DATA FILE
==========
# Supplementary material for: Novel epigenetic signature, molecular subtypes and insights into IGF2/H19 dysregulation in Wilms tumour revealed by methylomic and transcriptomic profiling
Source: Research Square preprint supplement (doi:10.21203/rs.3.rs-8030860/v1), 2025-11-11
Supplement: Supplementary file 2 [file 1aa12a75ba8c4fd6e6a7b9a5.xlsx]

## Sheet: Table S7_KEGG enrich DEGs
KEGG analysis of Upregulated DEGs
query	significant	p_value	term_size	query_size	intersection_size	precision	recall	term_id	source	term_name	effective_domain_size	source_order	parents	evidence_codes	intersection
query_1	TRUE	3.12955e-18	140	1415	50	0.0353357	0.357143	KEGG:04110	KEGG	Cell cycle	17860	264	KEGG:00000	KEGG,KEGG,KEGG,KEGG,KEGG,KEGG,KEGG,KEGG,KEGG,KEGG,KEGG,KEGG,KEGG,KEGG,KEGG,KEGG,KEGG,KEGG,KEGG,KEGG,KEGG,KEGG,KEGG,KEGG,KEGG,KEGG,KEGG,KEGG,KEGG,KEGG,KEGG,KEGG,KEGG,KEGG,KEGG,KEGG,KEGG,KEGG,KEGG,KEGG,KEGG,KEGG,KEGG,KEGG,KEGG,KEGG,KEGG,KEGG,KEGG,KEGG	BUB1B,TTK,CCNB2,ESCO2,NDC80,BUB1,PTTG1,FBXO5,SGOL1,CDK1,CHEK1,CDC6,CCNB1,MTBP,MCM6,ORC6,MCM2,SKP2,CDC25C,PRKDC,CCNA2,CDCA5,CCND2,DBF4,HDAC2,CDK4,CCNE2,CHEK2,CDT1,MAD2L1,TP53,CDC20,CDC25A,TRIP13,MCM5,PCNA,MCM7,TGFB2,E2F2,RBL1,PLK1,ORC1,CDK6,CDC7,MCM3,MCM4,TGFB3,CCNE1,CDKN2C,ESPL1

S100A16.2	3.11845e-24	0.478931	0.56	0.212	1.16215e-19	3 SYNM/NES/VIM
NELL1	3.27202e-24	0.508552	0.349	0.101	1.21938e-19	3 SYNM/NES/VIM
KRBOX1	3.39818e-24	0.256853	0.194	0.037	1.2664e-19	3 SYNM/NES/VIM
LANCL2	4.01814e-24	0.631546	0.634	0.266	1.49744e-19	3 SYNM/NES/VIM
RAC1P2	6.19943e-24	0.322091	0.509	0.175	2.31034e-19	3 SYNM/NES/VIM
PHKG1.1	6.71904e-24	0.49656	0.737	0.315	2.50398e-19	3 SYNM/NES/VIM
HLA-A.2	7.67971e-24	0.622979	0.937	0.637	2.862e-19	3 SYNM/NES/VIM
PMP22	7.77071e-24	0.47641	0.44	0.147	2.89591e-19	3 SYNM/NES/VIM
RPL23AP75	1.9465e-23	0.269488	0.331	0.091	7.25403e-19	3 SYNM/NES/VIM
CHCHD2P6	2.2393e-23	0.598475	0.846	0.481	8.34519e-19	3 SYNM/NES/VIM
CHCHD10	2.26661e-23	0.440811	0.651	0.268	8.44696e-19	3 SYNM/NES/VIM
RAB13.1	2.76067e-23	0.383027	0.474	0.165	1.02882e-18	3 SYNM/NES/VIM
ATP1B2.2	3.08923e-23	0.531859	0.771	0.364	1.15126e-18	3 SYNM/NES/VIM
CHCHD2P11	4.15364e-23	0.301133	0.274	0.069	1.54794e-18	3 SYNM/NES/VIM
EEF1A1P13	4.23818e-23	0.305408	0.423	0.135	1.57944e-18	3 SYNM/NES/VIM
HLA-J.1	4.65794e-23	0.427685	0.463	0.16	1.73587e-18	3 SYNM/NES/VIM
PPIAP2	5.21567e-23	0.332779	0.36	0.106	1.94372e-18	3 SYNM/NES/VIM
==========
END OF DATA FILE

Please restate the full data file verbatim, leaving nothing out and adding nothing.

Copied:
# Supplementary material for: Novel epigenetic signature, molecular subtypes and insights into IGF2/H19 dysregulation in Wilms tumour revealed by methylomic and transcriptomic profiling
Source: Research Square preprint supplement (doi:10.21203/rs.3.rs-8030860/v1), 2025-11-11
Supplement: Supplementary file 2 [file 1aa12a75ba8c4fd6e6a7b9a5.xlsx]

## Sheet: Table S7_KEGG enrich DEGs
KEGG analysis of Upregulated DEGs
query	significant	p_value	term_size	query_size	intersection_size	precision	recall	term_id	source	term_name	effective_domain_size	source_order	parents	evidence_codes	intersection
query_1	TRUE	3.12955e-18	140	1415	50	0.0353357	0.357143	KEGG:04110	KEGG	Cell cycle	17860	264	KEGG:00000	KEGG,KEGG,KEGG,KEGG,KEGG,KEGG,KEGG,KEGG,KEGG,KEGG,KEGG,KEGG,KEGG,KEGG,KEGG,KEGG,KEGG,KEGG,KEGG,KEGG,KEGG,KEGG,KEGG,KEGG,KEGG,KEGG,KEGG,KEGG,KEGG,KEGG,KEGG,KEGG,KEGG,KEGG,KEGG,KEGG,KEGG,KEGG,KEGG,KEGG,KEGG,KEGG,KEGG,KEGG,KEGG,KEGG,KEGG,KEGG,KEGG,KEGG	BUB1B,TTK,CCNB2,ESCO2,NDC80,BUB1,PTTG1,FBXO5,SGOL1,CDK1,CHEK1,CDC6,CCNB1,MTBP,MCM6,ORC6,MCM2,SKP2,CDC25C,PRKDC,CCNA2,CDCA5,CCND2,DBF4,HDAC2,CDK4,CCNE2,CHEK2,CDT1,MAD2L1,TP53,CDC20,CDC25A,TRIP13,MCM5,PCNA,MCM7,TGFB2,E2F2,RBL1,PLK1,ORC1,CDK6,CDC7,MCM3,MCM4,TGFB3,CCNE1,CDKN2C,ESPL1

S100A16.2	3.11845e-24	0.478931	0.56	0.212	1.16215e-19	3 SYNM/NES/VIM
NELL1	3.27202e-24	0.508552	0.349	0.101	1.21938e-19	3 SYNM/NES/VIM
KRBOX1	3.39818e-24	0.256853	0.194	0.037	1.2664e-19	3 SYNM/NES/VIM
LANCL2	4.01814e-24	0.631546	0.634	0.266	1.49744e-19	3 SYNM/NES/VIM
RAC1P2	6.19943e-24	0.322091	0.509	0.175	2.31034e-19	3 SYNM/NES/VIM
PHKG1.1	6.71904e-24	0.49656	0.737	0.315	2.50398e-19	3 SYNM/NES/VIM
HLA-A.2	7.67971e-24	0.622979	0.937	0.637	2.862e-19	3 SYNM/NES/VIM
PMP22	7.77071e-24	0.47641	0.44	0.147	2.89591e-19	3 SYNM/NES/VIM
RPL23AP75	1.9465e-23	0.269488	0.331	0.091	7.25403e-19	3 SYNM/NES/VIM
CHCHD2P6	2.2393e-23	0.598475	0.846	0.481	8.34519e-19	3 SYNM/NES/VIM
CHCHD10	2.26661e-23	0.440811	0.651	0.268	8.44696e-19	3 SYNM/NES/VIM
RAB13.1	2.76067e-23	0.383027	0.474	0.165	1.02882e-18	3 SYNM/NES/VIM
ATP1B2.2	3.08923e-23	0.531859	0.771	0.364	1.15126e-18	3 SYNM/NES/VIM
CHCHD2P11	4.15364e-23	0.301133	0.274	0.069	1.54794e-18	3 SYNM/NES/VIM
EEF1A1P13	4.23818e-23	0.305408	0.423	0.135	1.57944e-18	3 SYNM/NES/VIM
HLA-J.1	4.65794e-23	0.427685	0.463	0.16	1.73587e-18	3 SYNM/NES/VIM
PPIAP2	5.21567e-23	0.332779	0.36	0.106	1.94372e-18	3 SYNM/NES/VIM